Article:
cinema

Film review: No Time to Die

After a switch in director, a script revamp, and a global pandemic which thrust its release into jeopardy, No Time to Die has finally landed in cinemas. It’s directed by Cary Joji Fukunaga and marks the fifth and final outing for Daniel Craig as the iconic secret agent James Bond.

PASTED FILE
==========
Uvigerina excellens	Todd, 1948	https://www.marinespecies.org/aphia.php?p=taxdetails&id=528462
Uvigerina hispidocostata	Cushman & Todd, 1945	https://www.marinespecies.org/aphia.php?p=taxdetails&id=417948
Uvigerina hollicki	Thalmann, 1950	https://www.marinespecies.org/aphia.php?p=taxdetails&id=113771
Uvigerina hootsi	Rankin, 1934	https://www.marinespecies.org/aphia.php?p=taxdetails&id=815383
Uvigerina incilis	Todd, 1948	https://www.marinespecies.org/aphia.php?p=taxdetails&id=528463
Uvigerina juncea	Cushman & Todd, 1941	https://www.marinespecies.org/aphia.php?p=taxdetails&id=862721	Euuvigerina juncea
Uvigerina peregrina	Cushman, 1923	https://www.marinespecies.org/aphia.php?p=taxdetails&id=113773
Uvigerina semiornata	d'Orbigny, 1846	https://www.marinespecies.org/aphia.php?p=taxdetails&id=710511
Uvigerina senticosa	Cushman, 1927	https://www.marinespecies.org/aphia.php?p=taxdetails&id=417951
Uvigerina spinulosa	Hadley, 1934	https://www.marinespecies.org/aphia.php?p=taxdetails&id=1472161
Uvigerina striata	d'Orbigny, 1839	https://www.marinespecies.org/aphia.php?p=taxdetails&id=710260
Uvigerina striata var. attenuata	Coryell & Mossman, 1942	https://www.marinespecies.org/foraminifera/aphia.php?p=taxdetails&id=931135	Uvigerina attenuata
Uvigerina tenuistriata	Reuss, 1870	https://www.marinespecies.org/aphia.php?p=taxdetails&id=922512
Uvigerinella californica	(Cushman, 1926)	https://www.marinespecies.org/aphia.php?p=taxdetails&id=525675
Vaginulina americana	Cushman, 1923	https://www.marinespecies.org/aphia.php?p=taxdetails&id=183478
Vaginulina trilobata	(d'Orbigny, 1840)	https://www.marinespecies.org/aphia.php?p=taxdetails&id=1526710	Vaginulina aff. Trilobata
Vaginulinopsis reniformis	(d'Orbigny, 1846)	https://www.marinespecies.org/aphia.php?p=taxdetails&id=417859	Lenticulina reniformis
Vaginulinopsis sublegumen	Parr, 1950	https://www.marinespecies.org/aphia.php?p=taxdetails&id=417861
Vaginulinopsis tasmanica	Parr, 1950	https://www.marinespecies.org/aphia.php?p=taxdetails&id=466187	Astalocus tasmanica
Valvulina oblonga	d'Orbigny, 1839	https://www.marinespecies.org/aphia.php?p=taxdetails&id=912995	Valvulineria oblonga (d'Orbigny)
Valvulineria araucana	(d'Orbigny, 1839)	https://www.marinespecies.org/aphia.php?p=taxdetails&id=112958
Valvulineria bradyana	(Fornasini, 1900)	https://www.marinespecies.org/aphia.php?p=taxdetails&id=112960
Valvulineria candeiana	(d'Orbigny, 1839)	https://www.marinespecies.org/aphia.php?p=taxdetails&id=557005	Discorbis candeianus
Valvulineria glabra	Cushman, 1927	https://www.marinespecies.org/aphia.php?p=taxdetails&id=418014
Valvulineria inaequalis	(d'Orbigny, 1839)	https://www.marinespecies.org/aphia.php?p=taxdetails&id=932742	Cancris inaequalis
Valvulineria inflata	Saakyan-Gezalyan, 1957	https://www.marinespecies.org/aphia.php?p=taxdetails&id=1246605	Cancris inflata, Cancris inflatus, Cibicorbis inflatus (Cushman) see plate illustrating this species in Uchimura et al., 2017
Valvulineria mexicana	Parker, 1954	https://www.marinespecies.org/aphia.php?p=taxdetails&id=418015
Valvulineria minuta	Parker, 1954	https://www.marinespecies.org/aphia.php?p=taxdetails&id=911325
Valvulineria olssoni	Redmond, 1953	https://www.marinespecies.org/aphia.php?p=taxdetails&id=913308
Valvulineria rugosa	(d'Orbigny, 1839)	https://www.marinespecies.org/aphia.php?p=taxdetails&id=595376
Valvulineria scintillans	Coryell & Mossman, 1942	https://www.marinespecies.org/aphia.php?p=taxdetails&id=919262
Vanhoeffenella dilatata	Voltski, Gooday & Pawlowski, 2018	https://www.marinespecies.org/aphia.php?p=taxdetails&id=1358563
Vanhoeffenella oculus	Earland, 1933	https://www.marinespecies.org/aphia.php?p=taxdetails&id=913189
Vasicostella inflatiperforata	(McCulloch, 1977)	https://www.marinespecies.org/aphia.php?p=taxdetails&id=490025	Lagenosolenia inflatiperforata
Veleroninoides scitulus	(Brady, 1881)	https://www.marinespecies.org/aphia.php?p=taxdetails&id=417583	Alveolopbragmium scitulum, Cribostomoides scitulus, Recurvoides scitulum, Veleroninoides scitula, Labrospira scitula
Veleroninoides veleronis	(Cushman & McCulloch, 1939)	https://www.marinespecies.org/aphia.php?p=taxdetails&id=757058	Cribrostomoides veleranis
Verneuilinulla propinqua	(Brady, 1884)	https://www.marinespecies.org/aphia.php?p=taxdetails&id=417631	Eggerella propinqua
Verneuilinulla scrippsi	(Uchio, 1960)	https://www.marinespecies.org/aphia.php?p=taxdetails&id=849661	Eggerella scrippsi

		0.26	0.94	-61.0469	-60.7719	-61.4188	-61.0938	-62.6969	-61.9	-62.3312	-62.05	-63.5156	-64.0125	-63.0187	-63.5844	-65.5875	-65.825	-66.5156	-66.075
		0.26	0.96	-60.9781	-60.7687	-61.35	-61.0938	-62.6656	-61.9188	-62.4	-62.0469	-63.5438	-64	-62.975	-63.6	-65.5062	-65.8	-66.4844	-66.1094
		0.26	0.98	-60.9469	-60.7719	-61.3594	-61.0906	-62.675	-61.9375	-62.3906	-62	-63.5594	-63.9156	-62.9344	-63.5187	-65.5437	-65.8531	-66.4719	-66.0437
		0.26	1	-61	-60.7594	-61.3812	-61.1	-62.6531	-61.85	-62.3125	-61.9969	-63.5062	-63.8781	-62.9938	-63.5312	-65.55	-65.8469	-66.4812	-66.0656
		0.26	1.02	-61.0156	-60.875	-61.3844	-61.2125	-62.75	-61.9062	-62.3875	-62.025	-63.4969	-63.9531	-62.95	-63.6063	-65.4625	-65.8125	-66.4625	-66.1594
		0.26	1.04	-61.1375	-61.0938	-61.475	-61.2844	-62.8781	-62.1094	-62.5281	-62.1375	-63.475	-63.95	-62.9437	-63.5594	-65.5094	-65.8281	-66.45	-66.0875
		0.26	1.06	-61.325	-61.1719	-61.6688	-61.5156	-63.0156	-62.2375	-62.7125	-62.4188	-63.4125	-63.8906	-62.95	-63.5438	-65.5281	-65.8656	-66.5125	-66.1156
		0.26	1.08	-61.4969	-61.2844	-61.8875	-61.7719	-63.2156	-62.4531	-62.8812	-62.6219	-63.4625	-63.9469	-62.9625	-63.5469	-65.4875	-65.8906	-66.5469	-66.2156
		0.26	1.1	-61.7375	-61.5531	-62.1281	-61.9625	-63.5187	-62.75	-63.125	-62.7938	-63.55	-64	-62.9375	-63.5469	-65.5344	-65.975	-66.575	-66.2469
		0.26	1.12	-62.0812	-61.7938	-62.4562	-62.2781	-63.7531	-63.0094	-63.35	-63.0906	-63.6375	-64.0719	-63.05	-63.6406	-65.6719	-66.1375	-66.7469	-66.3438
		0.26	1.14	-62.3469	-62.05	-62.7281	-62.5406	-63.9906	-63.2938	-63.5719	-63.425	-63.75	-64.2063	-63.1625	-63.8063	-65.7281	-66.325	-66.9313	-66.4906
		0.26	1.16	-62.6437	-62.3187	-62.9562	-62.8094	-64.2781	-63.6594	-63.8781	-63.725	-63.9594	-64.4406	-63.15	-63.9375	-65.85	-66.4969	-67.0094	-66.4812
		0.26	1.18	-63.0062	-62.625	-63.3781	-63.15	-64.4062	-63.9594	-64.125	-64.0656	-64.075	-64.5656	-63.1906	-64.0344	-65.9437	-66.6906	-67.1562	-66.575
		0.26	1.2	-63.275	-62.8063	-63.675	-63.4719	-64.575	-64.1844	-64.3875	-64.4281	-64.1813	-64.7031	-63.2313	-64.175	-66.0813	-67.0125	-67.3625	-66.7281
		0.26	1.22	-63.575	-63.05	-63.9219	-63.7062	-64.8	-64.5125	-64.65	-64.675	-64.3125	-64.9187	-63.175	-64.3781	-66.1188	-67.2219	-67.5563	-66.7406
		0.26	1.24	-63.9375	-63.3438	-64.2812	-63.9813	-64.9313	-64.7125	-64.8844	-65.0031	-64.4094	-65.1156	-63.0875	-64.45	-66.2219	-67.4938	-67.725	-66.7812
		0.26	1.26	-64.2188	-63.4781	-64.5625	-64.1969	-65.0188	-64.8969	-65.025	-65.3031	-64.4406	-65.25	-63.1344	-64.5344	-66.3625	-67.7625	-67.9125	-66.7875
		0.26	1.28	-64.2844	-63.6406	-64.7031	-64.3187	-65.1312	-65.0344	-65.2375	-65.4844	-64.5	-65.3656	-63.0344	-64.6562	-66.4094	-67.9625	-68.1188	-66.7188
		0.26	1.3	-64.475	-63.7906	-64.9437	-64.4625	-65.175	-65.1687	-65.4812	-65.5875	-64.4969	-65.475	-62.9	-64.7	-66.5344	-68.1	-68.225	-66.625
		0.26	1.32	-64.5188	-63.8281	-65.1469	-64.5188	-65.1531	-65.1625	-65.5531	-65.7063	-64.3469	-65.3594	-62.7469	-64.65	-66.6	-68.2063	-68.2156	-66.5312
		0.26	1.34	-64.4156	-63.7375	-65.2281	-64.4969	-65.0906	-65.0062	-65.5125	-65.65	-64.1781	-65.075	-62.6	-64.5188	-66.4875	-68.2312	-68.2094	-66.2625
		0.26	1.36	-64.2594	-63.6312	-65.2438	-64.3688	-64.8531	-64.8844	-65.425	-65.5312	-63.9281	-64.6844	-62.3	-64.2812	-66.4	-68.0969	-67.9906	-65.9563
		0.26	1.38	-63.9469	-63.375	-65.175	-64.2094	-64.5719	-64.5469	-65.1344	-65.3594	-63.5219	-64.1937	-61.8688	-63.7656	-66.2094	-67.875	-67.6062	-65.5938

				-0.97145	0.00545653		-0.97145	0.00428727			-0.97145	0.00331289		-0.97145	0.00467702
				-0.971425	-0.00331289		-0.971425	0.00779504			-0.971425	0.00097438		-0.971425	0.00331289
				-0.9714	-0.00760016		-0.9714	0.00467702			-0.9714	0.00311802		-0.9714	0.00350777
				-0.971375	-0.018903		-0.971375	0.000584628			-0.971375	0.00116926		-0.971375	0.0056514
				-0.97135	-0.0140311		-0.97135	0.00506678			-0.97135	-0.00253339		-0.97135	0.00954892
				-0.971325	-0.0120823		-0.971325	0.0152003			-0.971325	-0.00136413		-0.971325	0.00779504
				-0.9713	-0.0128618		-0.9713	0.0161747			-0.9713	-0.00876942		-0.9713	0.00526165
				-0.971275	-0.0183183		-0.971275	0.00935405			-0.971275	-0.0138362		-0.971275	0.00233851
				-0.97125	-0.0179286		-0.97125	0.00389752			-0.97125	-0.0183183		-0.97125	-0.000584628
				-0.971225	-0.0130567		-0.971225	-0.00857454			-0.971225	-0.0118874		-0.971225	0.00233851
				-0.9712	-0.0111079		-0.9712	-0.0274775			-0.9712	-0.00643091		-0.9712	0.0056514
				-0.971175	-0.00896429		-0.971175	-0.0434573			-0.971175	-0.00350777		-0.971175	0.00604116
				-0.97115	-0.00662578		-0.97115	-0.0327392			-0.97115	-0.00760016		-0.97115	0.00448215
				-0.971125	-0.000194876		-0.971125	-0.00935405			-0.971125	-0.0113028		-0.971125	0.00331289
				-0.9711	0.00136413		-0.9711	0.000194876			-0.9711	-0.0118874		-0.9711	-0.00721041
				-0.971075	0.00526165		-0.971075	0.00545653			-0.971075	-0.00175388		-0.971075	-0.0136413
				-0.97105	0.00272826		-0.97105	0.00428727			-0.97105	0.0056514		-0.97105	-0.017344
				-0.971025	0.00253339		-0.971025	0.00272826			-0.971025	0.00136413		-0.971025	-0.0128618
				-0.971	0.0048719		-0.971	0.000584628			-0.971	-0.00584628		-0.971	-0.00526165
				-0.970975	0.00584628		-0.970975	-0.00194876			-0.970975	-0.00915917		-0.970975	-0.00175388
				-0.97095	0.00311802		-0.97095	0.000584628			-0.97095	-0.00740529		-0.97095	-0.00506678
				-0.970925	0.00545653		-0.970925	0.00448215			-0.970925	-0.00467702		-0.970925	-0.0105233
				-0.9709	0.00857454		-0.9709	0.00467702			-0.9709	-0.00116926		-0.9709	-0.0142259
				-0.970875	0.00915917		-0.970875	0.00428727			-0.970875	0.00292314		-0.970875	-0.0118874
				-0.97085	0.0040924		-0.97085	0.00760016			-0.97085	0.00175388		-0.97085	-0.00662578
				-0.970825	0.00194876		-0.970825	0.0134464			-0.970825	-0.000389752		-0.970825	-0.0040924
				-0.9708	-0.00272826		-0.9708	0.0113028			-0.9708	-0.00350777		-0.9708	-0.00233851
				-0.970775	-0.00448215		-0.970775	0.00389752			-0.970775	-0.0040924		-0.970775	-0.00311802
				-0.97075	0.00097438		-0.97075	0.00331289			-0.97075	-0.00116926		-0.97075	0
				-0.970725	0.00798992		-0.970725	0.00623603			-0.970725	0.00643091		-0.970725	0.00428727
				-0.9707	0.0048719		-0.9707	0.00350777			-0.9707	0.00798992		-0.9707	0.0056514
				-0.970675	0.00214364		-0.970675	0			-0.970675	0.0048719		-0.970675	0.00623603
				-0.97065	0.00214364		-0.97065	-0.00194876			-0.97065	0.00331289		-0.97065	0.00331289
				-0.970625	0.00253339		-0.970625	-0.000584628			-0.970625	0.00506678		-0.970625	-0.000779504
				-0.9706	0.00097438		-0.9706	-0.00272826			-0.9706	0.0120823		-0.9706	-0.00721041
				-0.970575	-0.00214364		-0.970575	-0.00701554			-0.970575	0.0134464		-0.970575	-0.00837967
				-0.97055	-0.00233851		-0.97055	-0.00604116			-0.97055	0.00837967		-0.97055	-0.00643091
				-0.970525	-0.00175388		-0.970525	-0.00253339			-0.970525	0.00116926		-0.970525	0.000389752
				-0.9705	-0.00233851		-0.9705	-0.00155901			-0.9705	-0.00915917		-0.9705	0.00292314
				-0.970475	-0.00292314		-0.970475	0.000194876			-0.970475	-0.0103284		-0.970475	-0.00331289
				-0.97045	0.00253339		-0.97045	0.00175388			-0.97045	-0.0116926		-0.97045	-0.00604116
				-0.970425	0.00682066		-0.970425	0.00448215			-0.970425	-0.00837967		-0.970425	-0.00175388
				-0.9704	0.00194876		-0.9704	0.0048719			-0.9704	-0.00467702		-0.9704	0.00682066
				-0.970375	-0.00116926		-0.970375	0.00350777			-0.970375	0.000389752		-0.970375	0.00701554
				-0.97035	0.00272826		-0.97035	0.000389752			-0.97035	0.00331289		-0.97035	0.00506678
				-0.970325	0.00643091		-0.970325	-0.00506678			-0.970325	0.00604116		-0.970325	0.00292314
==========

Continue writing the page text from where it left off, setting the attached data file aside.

Picking up from where 2015’s Spectre left off, Bond is enjoying retirement in Italy with Madeleine Swann (Léa Seydoux) when he is ambushed by a gang of assassins, which leads him to fear that he’s been betrayed by his girlfriend. We’re then taken five years later to London, where an MI6 laboratory is targeted in an attack, and scientist Valdo Obruchev (David Dencik) is kidnapped. He is forced to co-operate with terrorist Lyutsifer Safin (Rami Malek) to help create a new bioweapon which, in the wrong hands, could be used to spread a deadly virus across the world.

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